A Changing Landscape in Fighting AIDS
Scientist and Community Leaders Look Ahead in 2012
WASHINGTON, May 17, 2012 -This summer, more than 25,000 leading scientists, public health experts, policy-makers, community members, and experts in the HIV/AIDS field from around the world will gather in our nation's capital for the International AIDS Society's XIX International AIDS Conference. This gathering provides a vital platform to address the global response to HIV/AIDS and the efforts to overcome barriers that limit access to care, services, prevention tools, and research. In the last three decades, about 30 million people worldwide have died as a result of HIV/AIDS and each year, ~50,000 Americans still become infected. Despite this, because of the remarkable progress scientists and communities have made working together, we can now begin looking ahead with hopeful expectation to an AIDS-free generation.
Recent advances in biomedical HIV prevention research have included microbicides and pre-exposure prophylaxis (PrEP). Microbicides are gels or creams that both women and men can use topically to prevent the sexual transmission of HIV. Other products, such as films, suppositories, vaginal rings, or sponges, are also being developed to release the active ingredients in the body over time. The microbicides that have proven to be partially effective to date contain an anti-HIV drug known as Tenofovir. PrEP is an approach that involves the use of oral anti-HIV drugs taken by uninfected individuals to prevent HIV infection if exposed to the virus. One drug, known as Truvada, has been shown to be effective in some populations. Consequently, on May 10, an advisory committee recommended that the Food and Drug Administration approve the use of Truvada as part of PrEP to prevent sexually transmitted HIV-1 infection. While both of these prevention strategies have varying degrees of protection against HIV, adding a safe, effective, and durable vaccine to the combination of available prevention tools remains our best hope to ending the pandemic.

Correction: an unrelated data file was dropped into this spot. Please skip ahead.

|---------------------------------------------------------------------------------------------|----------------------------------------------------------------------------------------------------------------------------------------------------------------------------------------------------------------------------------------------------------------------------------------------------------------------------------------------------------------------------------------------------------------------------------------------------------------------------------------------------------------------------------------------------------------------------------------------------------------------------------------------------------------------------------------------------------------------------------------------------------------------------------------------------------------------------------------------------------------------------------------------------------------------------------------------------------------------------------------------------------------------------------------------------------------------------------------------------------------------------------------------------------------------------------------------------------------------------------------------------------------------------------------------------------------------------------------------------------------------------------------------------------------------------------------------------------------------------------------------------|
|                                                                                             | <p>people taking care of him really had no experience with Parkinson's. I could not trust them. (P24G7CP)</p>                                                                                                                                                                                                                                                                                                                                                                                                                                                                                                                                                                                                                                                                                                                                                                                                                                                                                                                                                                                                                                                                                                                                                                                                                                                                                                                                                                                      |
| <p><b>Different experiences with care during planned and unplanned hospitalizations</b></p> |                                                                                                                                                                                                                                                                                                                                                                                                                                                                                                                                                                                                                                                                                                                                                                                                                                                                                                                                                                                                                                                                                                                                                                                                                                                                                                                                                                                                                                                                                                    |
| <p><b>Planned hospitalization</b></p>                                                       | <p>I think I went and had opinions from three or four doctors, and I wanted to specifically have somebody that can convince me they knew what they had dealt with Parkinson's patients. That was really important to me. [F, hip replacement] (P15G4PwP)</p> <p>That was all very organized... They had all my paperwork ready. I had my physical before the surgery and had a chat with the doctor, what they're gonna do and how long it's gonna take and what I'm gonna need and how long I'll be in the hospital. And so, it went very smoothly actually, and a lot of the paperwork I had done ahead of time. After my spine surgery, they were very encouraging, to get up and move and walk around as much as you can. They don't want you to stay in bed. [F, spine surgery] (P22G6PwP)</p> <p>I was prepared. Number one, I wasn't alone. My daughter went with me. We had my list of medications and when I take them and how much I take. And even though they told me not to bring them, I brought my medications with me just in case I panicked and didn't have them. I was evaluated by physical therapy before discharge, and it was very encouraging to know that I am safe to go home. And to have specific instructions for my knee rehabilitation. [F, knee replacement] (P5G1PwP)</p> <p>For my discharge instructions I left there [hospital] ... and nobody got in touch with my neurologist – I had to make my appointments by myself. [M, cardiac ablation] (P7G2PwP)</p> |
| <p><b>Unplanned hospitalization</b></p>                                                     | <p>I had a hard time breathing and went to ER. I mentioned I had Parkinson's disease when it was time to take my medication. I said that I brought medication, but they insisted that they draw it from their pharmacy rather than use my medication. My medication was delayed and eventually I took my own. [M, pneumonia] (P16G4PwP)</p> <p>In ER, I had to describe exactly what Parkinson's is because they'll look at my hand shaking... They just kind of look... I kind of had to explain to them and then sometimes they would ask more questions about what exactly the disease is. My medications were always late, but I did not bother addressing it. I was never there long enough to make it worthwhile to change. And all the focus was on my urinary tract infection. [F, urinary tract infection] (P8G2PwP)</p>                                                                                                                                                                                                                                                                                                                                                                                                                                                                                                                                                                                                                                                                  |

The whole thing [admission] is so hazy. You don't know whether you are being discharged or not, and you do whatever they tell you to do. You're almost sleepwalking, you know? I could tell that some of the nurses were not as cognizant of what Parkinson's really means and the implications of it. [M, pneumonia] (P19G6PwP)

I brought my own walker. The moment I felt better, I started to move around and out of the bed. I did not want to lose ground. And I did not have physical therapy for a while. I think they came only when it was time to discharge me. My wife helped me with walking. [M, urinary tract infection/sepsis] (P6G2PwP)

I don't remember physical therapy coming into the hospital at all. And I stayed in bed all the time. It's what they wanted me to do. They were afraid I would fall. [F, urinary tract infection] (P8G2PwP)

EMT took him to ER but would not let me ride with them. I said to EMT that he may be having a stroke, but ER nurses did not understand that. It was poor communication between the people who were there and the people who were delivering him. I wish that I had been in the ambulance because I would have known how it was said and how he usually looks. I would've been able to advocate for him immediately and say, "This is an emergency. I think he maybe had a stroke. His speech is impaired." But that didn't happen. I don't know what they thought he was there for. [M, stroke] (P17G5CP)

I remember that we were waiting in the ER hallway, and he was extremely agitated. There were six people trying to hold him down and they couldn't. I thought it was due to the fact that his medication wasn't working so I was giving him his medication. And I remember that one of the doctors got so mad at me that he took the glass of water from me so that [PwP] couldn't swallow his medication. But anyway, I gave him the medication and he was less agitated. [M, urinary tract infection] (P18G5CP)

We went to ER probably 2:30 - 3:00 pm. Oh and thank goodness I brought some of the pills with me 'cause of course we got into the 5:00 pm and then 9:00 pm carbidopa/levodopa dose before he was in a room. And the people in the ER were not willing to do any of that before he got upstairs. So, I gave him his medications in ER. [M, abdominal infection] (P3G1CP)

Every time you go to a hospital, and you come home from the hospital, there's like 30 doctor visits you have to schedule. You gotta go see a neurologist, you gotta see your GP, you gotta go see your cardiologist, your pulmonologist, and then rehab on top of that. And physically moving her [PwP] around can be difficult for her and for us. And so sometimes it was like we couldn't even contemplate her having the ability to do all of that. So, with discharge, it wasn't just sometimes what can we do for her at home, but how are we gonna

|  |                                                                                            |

That is why on May 18, HIV Vaccine Awareness Day (HVAD), we acknowledge that HIV vaccine research remains one of the highest research priorities and we recognize that we can only advance the research with community awareness and support. On HVAD we especially thank the thousands of HIV vaccine trial volunteers, past and present, who have made the research possible. The momentum in vaccine research continues to build on the progress reported as a result of the 2009 HIV vaccine trial in Thailand that demonstrated modest protection against HIV. Subsequent analysis of data from that study continues to move the field forward by guiding ongoing and future research.
"Progress in prevention research continues to give us hope that the ability to control this epidemic is within our reach. But we recognize that continued success in all areas of research greatly depends on community support and involvement and having trusting relationships within the communities most affected by HIV," said Dr. Carl Dieffenbach, Director of the Division of AIDS at the National Institute of Allergy and Infectious Diseases (NIAID), a component of NIH. Ongoing collaboration among scientists, advocacy groups and community leaders is critical for the discovery, development, and implementation of new safe and effective biomedical prevention tools, including an HIV vaccine.
Scientists agree that it will take more than one approach to control the spread of HIV in the world. PrEP, microbicides, and vaccines, along with other proven prevention methods, such as condoms and medical male circumcision, are essential components of a comprehensive global response to control the epidemic. To learn more about the research and how you can get involved, visit www.bethegeneration.nih.gov . To view community members' video profiles, visit www.youtube.com/bethegeneration .
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